When Petr [pronounced "Peter"] Kucheryavyy was in high school, his eyesight, which had been gradually diminishing since the age of eight, finally reached a point where he could no longer manage reading schoolbooks and blackboards. He didn’t know there were ways of doing things without sight. So he quit school and found a job in construction.
Today, Petr is a senior manager on the accessibility team for Charter Communications. In that capacity, he travels frequently, trains Charter and Spectrum support staff around the country on how best to assist clients with disabilities, and has a considerable amount of other work, both paid and volunteer, that captures his attention when he's not at his day job. He is bright, articulate, soft-spoken, and charismatic. He is passionate about sharing his amazing life story to help other blind people grasp their own inner power and expand their capabilities.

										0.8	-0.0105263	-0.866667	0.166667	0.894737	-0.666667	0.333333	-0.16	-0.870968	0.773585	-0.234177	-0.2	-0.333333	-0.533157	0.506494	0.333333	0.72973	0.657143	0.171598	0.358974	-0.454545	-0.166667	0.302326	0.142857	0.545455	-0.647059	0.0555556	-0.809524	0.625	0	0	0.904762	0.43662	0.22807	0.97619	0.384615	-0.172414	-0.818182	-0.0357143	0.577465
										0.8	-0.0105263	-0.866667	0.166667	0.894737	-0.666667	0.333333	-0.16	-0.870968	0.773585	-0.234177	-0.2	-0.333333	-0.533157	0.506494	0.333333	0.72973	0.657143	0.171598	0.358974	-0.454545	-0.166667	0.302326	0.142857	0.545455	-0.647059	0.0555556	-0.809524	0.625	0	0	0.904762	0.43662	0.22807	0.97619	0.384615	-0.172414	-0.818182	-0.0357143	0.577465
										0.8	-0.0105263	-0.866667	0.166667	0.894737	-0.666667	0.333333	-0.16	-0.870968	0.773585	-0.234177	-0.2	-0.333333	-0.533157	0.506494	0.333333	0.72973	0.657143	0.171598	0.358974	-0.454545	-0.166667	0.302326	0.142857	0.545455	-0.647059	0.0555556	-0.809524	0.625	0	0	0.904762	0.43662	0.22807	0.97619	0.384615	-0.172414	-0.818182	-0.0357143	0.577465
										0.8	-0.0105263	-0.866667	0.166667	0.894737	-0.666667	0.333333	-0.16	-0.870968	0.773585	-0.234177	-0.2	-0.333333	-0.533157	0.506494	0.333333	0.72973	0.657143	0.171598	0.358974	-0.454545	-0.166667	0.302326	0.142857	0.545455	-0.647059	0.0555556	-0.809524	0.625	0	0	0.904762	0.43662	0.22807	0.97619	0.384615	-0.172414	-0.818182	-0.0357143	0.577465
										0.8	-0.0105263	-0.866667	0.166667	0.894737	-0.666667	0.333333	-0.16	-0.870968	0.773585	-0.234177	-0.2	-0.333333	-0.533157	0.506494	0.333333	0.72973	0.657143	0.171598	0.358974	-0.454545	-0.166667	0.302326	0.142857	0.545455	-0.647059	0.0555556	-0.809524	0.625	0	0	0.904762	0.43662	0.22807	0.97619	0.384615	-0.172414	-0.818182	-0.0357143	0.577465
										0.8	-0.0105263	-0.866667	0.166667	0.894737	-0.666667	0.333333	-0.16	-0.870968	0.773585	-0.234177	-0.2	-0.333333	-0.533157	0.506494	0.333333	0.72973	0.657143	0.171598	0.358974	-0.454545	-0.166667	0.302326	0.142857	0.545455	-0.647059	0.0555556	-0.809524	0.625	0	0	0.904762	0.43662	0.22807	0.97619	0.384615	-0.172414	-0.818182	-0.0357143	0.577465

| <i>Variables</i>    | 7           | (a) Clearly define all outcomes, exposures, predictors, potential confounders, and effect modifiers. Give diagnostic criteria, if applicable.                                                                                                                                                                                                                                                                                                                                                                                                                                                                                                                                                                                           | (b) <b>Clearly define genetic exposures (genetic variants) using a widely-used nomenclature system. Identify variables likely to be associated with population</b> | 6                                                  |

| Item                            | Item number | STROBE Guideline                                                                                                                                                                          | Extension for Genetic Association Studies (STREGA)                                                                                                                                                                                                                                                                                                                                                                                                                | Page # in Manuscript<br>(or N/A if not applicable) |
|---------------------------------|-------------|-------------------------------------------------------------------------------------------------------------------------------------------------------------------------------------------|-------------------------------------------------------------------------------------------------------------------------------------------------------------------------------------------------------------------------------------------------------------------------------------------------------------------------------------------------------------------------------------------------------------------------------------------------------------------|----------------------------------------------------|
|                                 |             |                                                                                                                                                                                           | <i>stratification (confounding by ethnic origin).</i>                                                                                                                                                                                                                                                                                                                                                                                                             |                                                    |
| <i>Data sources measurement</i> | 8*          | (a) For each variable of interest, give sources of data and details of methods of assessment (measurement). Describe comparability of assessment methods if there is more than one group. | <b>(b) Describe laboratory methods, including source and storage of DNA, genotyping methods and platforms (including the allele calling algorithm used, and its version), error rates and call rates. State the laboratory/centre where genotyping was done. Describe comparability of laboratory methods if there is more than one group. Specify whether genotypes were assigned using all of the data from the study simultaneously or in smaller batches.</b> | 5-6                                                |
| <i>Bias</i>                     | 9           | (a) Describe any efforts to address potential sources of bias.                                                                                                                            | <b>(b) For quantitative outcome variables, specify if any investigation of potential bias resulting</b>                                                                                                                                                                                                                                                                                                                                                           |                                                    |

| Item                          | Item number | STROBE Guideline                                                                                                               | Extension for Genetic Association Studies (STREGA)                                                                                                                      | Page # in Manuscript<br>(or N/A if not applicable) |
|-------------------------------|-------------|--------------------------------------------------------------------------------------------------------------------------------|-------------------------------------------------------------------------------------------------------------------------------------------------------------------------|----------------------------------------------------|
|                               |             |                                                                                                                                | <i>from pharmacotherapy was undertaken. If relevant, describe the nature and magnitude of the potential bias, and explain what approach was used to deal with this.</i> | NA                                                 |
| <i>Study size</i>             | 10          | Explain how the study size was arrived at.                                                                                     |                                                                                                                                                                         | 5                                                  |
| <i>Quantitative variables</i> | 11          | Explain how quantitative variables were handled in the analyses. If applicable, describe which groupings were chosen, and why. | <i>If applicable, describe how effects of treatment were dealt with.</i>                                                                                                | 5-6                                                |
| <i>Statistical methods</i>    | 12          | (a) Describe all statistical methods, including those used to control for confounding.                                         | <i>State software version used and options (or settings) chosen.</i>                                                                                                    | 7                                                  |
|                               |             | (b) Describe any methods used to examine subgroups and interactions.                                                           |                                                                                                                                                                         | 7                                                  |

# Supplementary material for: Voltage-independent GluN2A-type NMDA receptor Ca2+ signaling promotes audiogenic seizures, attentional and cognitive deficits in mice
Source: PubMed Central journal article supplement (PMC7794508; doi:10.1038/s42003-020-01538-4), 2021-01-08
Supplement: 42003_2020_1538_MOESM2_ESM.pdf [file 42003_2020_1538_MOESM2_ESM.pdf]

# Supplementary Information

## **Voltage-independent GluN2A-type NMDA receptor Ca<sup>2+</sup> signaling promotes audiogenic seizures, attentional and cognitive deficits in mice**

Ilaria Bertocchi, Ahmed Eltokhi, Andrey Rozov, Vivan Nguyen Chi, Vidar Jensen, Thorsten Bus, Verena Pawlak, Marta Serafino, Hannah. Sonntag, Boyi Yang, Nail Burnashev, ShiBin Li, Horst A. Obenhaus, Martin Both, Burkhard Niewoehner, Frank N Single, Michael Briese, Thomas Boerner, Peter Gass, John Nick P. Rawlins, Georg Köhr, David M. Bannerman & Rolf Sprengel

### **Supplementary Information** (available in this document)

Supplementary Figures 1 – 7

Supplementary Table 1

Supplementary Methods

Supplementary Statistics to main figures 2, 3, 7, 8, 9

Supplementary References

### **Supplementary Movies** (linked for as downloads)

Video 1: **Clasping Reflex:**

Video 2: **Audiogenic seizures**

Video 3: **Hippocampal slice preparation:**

Early Years in Ukraine at the Time of Chernobyl
In April, 1986, not long after Peter Kucheryavyy was born, one of the most horrific accidents in history took place not far from his home in Ukraine.
The explosion at Chernobyl is considered the most disastrous nuclear accident in history. The number of casualties is still somewhat disputed, but one person affected was young Petr Kucheryavyy. He was a baby when the incident occurred, and many parts of his body, including the eyes, were still developing. As he puts it, “all that radiation can really mess with your DNA.” His family first traveled from Ukraine to rural Georgia when Petr was five, then back again some five years later. His father was a senior pastor in a Pentecostal church, and Petr himself was preaching at age 11. Little by little, his retinal cells were disintegrating. God, he believed, would eventually heal his eyes before the situation became unmanageable.